Renting A Suite in Your Home - Sutton — Canadian Real Estate Listings & Agents |

Renting A Suite in Your Home

21 December 2018

A legal rental suite can be an excellent income generator. The 15-year, nationwide trend toward lower rental vacancy rates means that good quality accommodation is in high demand. According to the most recent data available from the Canadian Mortgage and Housing Corporation (CMHC), the national average vacancy rate is less than four percent, while these Ontario cities have vacancy rates less than two per cent: Oshawa, Peterborough, Toronto and Kitchener. The rental market is even tighter in British Columbia; Abbotsford-Mission, Kelowna, Vancouver and Victoria have rates less than one per cent.

Taxation is one method that the federal government is using to encourage rental availability. Revenue Canada allows landlords reduce taxes on their rental income through a wide range of deductions, including:

  • Advertising to find a renter
  • Insurance
  • Interest (such as mortgage interest)
  • Professional fees (includes legal and accounting fees)
  • Property taxes for the portion of the property occupied by the rental
  • Repairs and maintenance (except for the value of the landlord’s own labour)
  • Utilities for the portion of the property occupied by the rental

As a landlord, be sure to keep good records because if you are audited and you cannot produce a receipt, Revenue Canada may disallow your claim, and even apply a penalty with interest. Save records of rental income, expenses and lease agreements and, if possible, scan and save a digital backup of these documents.

How much can you expect to earn in rental income? The best way to determine a suitable rental rate is to look at similar listings in your neighbourhood. As well, CMHC produces an annual Rental Market Report for nearly 40 major Canadian communities. In general, rental rates start at $750 for a small suite and can climb from there depending on the quality, size and location. In Toronto, such a unit may rent for $1,400 or more generating a gross annual income of $16,800.

Do you love animals? Many renters with pets find it difficult to find rental accommodation. By allowing pets, you can improve the odds of renting your property and may attract a loyal, long-term renter. To protect your property from damage, most provinces allow landlords to ask for a pet damage deposit.

Once your suite is ready to rent, advertising options include: community newspapers, online classified sites, and bulletin boards at libraries, grocery stores, laundromats, student campuses and organizations that offer housing assistance.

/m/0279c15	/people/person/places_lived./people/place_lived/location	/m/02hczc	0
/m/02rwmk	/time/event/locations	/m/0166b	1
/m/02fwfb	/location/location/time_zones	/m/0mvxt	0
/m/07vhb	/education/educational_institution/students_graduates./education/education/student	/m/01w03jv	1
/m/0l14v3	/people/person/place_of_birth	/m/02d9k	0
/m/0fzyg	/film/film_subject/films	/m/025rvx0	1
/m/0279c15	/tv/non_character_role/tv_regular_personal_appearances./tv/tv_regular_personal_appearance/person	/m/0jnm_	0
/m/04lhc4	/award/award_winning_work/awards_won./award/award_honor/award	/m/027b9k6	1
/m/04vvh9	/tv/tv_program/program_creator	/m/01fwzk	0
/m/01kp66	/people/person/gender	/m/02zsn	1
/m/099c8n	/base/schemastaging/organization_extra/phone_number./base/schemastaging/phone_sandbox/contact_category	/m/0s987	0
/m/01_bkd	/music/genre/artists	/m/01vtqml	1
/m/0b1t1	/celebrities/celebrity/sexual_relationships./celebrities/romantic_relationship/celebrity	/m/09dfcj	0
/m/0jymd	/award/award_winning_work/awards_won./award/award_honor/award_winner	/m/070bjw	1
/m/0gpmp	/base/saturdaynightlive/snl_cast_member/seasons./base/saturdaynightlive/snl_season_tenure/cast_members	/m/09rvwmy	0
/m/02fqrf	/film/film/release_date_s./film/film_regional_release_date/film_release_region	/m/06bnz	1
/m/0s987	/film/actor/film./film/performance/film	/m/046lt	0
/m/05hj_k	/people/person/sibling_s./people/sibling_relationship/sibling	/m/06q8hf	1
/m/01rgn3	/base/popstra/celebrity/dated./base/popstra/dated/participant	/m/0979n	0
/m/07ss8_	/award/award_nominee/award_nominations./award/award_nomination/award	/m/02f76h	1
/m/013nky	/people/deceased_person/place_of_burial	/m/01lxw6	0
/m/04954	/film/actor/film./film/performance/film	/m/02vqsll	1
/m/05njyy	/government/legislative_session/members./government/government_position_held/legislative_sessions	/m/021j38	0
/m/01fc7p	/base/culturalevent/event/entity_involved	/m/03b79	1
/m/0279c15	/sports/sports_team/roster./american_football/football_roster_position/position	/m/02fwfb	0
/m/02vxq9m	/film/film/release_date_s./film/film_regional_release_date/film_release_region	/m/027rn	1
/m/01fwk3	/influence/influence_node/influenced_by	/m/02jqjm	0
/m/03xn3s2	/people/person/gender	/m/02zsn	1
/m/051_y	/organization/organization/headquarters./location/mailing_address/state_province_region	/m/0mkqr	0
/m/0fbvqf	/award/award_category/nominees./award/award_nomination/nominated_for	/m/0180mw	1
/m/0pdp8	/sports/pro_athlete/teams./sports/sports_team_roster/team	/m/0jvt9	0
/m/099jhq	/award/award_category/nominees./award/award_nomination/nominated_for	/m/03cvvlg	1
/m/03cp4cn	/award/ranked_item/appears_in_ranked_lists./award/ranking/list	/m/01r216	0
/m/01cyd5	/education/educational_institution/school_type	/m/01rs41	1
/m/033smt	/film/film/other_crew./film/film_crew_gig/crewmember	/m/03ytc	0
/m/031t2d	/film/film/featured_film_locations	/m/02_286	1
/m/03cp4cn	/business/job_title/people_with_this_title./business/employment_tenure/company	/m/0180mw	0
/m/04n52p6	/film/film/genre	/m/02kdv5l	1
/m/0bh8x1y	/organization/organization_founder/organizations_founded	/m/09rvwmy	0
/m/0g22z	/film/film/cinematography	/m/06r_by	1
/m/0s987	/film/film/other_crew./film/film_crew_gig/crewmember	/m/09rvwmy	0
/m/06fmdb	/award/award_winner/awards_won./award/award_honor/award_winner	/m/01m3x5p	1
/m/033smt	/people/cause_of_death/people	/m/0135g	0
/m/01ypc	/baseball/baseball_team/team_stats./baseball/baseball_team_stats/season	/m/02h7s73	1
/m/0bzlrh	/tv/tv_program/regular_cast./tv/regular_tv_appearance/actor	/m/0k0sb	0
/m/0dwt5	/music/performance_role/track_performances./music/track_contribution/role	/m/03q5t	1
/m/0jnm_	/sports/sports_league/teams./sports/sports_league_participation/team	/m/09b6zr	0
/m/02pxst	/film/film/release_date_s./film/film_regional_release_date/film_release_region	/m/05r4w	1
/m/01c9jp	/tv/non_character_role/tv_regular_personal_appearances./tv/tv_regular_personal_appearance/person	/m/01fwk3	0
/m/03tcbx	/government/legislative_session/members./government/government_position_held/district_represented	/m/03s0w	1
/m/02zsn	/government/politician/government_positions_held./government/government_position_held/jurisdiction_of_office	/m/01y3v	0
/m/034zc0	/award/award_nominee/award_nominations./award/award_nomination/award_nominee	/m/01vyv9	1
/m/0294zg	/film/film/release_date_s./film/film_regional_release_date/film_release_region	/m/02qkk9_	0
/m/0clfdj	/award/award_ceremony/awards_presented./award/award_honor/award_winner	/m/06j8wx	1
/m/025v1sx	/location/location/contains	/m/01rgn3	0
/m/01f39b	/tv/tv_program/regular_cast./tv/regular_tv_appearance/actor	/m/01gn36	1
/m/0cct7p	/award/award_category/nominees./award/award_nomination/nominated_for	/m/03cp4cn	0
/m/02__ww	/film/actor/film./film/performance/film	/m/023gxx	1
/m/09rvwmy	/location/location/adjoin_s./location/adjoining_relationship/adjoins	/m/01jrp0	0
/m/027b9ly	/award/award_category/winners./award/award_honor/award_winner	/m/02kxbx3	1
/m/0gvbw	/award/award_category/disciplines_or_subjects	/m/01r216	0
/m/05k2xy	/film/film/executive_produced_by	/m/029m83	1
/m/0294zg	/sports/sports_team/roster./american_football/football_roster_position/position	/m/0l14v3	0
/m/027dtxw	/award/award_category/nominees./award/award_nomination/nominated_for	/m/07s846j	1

Showing your suite and interviewing potential renters is an opportunity for both parties to decide if they wish to enter into a lease agreement together. As a landlord, you can legally ask prospective tenants about their income, place of employment, number of people who will live in the unit, and whether they smoke. You can obtain written permission to conduct a credit check and check references, including previous landlords.

According to CMHC, landlords cannot legally refuse to rent to people with children and they also cannot ask:

  • Questions that infringe on a tenant’s Human Rights as outlined in the Code for their province
  • If there are plans to have (more) children
  • About a tenant’s ethnic background, religion, or sexual preference
  • If family will be visiting
  • For a Social Insurance Number
  • If the tenant is married, single or divorced.

Most provincial governments have a rental tenancy branch, which serves to protect both landlords and renters. Their websites display legislation and provide helpful forms such as lease agreement templates.

In general, a lease should stipulate the following:

  • The names of the landlord and tenant(s)
  • The address of the rental property
  • The agreed-upon monthly rent, with or without utilities, parking, cable, etc.
  • When rent is due each month
  • The amount and terms of the deposit (if applicable)
  • Which repairs are the renter’s responsibility
  • The term of the rental period, typically one year (but may be month-to-month or week-to-week)
  • The notice period required to terminate the lease
  • Subletting rules
  • Restrictions such as no boarders, pets, smoking, waterbeds, etc.
  • When and how a landlord can enter the premises
  • Conditions for termination of a lease
  • Terms for dispute resolution: late payment, damage and repairs, eviction, etc.
  • Emergency contact information for both the tenant and landlord (including phone, fax and email)

Lastly, be prepared to respond quickly to protect your property in the event of mishaps such as a flood, a leaking roof, sewage backup, or other mishaps.

With careful planning and a fair-minded approach, homeowners can enjoy years of nearly effort-free rental income.